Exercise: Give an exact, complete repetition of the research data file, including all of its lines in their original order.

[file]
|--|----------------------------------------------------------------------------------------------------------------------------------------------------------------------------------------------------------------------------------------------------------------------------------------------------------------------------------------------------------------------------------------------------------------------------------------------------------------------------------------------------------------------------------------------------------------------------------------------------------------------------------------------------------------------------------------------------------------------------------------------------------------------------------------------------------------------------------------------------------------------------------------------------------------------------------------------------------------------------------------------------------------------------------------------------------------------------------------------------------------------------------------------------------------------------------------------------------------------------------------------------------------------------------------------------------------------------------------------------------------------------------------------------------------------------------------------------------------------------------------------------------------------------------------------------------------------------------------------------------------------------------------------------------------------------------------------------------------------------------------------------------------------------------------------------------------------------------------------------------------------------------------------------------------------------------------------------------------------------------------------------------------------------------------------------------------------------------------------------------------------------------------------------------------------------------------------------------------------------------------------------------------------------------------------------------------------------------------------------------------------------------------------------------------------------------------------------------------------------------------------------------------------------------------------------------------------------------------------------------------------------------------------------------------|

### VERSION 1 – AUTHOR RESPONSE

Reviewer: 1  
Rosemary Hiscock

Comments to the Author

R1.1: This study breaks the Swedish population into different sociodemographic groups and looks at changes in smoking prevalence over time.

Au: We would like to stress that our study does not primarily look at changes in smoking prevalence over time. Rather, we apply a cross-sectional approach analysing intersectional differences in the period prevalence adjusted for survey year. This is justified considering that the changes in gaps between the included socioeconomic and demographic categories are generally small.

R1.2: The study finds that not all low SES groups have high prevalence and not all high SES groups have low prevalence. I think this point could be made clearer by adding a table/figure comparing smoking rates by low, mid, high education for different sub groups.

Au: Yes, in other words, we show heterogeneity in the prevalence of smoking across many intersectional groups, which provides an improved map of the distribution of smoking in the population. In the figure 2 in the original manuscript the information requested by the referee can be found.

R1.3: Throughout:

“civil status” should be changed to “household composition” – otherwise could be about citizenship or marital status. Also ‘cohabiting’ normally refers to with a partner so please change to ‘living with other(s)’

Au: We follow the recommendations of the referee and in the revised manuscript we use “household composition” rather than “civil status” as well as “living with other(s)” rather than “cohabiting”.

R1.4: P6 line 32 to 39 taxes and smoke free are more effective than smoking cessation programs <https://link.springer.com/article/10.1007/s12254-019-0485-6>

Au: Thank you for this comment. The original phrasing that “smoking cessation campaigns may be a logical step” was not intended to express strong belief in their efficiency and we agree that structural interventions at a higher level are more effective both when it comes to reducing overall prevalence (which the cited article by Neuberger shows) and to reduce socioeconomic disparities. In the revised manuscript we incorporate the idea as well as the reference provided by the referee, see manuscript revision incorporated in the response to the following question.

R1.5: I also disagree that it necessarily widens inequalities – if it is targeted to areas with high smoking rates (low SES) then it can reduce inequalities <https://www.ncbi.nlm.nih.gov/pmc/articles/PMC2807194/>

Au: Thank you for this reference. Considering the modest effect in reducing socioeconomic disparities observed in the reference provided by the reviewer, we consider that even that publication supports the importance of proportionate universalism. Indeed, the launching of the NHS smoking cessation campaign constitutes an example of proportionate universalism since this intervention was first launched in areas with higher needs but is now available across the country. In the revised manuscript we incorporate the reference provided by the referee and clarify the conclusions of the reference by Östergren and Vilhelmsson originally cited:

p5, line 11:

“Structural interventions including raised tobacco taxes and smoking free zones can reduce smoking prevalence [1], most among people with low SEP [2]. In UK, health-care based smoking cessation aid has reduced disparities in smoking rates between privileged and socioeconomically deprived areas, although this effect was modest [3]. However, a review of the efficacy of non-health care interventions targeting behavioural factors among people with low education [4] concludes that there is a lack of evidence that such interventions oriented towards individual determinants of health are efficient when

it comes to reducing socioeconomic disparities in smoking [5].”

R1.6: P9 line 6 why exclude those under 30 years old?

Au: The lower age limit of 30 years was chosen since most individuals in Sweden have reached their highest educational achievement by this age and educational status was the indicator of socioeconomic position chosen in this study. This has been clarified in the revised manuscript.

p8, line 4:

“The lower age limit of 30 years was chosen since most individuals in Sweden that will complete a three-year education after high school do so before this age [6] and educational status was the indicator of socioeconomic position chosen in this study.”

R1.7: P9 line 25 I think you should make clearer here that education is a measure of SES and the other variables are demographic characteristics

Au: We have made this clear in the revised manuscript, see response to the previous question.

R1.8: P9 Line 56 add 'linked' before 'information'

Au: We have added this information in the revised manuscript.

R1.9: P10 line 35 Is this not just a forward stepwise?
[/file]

|--|----------------------------------------------------------------------------------------------------------------------------------------------------------------------------------------------------------------------------------------------------------------------------------------------------------------------------------------------------------------------------------------------------------------------------------------------------------------------------------------------------------------------------------------------------------------------------------------------------------------------------------------------------------------------------------------------------------------------------------------------------------------------------------------------------------------------------------------------------------------------------------------------------------------------------------------------------------------------------------------------------------------------------------------------------------------------------------------------------------------------------------------------------------------------------------------------------------------------------------------------------------------------------------------------------------------------------------------------------------------------------------------------------------------------------------------------------------------------------------------------------------------------------------------------------------------------------------------------------------------------------------------------------------------------------------------------------------------------------------------------------------------------------------------------------------------------------------------------------------------------------------------------------------------------------------------------------------------------------------------------------------------------------------------------------------------------------------------------------------------------------------------------------------------------------------------------------------------------------------------------------------------------------------------------------------------------------------------------------------------------------------------------------------------------------------------------------------------------------------------------------------------------------------------------------------------------------------------------------------------------------------------------------------------|

### VERSION 1 – AUTHOR RESPONSE

Reviewer: 1  
Rosemary Hiscock

Comments to the Author

R1.1: This study breaks the Swedish population into different sociodemographic groups and looks at changes in smoking prevalence over time.

Au: We would like to stress that our study does not primarily look at changes in smoking prevalence over time. Rather, we apply a cross-sectional approach analysing intersectional differences in the period prevalence adjusted for survey year. This is justified considering that the changes in gaps between the included socioeconomic and demographic categories are generally small.

R1.2: The study finds that not all low SES groups have high prevalence and not all high SES groups have low prevalence. I think this point could be made clearer by adding a table/figure comparing smoking rates by low, mid, high education for different sub groups.

Au: Yes, in other words, we show heterogeneity in the prevalence of smoking across many intersectional groups, which provides an improved map of the distribution of smoking in the population. In the figure 2 in the original manuscript the information requested by the referee can be found.

R1.3: Throughout:

“civil status” should be changed to “household composition” – otherwise could be about citizenship or marital status. Also ‘cohabiting’ normally refers to with a partner so please change to ‘living with other(s)’

Au: We follow the recommendations of the referee and in the revised manuscript we use “household composition” rather than “civil status” as well as “living with other(s)” rather than “cohabiting”.

R1.4: P6 line 32 to 39 taxes and smoke free are more effective than smoking cessation programs <https://link.springer.com/article/10.1007/s12254-019-0485-6>

Au: Thank you for this comment. The original phrasing that “smoking cessation campaigns may be a logical step” was not intended to express strong belief in their efficiency and we agree that structural interventions at a higher level are more effective both when it comes to reducing overall prevalence (which the cited article by Neuberger shows) and to reduce socioeconomic disparities. In the revised manuscript we incorporate the idea as well as the reference provided by the referee, see manuscript revision incorporated in the response to the following question.

R1.5: I also disagree that it necessarily widens inequalities – if it is targeted to areas with high smoking rates (low SES) then it can reduce inequalities <https://www.ncbi.nlm.nih.gov/pmc/articles/PMC2807194/>

Au: Thank you for this reference. Considering the modest effect in reducing socioeconomic disparities observed in the reference provided by the reviewer, we consider that even that publication supports the importance of proportionate universalism. Indeed, the launching of the NHS smoking cessation campaign constitutes an example of proportionate universalism since this intervention was first launched in areas with higher needs but is now available across the country. In the revised manuscript we incorporate the reference provided by the referee and clarify the conclusions of the reference by Östergren and Vilhelmsson originally cited:

p5, line 11:

“Structural interventions including raised tobacco taxes and smoking free zones can reduce smoking prevalence [1], most among people with low SEP [2]. In UK, health-care based smoking cessation aid has reduced disparities in smoking rates between privileged and socioeconomically deprived areas, although this effect was modest [3]. However, a review of the efficacy of non-health care interventions targeting behavioural factors among people with low education [4] concludes that there is a lack of evidence that such interventions oriented towards individual determinants of health are efficient when

it comes to reducing socioeconomic disparities in smoking [5].”

R1.6: P9 line 6 why exclude those under 30 years old?

Au: The lower age limit of 30 years was chosen since most individuals in Sweden have reached their highest educational achievement by this age and educational status was the indicator of socioeconomic position chosen in this study. This has been clarified in the revised manuscript.

p8, line 4:

“The lower age limit of 30 years was chosen since most individuals in Sweden that will complete a three-year education after high school do so before this age [6] and educational status was the indicator of socioeconomic position chosen in this study.”

R1.7: P9 line 25 I think you should make clearer here that education is a measure of SES and the other variables are demographic characteristics

Au: We have made this clear in the revised manuscript, see response to the previous question.

R1.8: P9 Line 56 add 'linked' before 'information'

Au: We have added this information in the revised manuscript.

R1.9: P10 line 35 Is this not just a forward stepwise?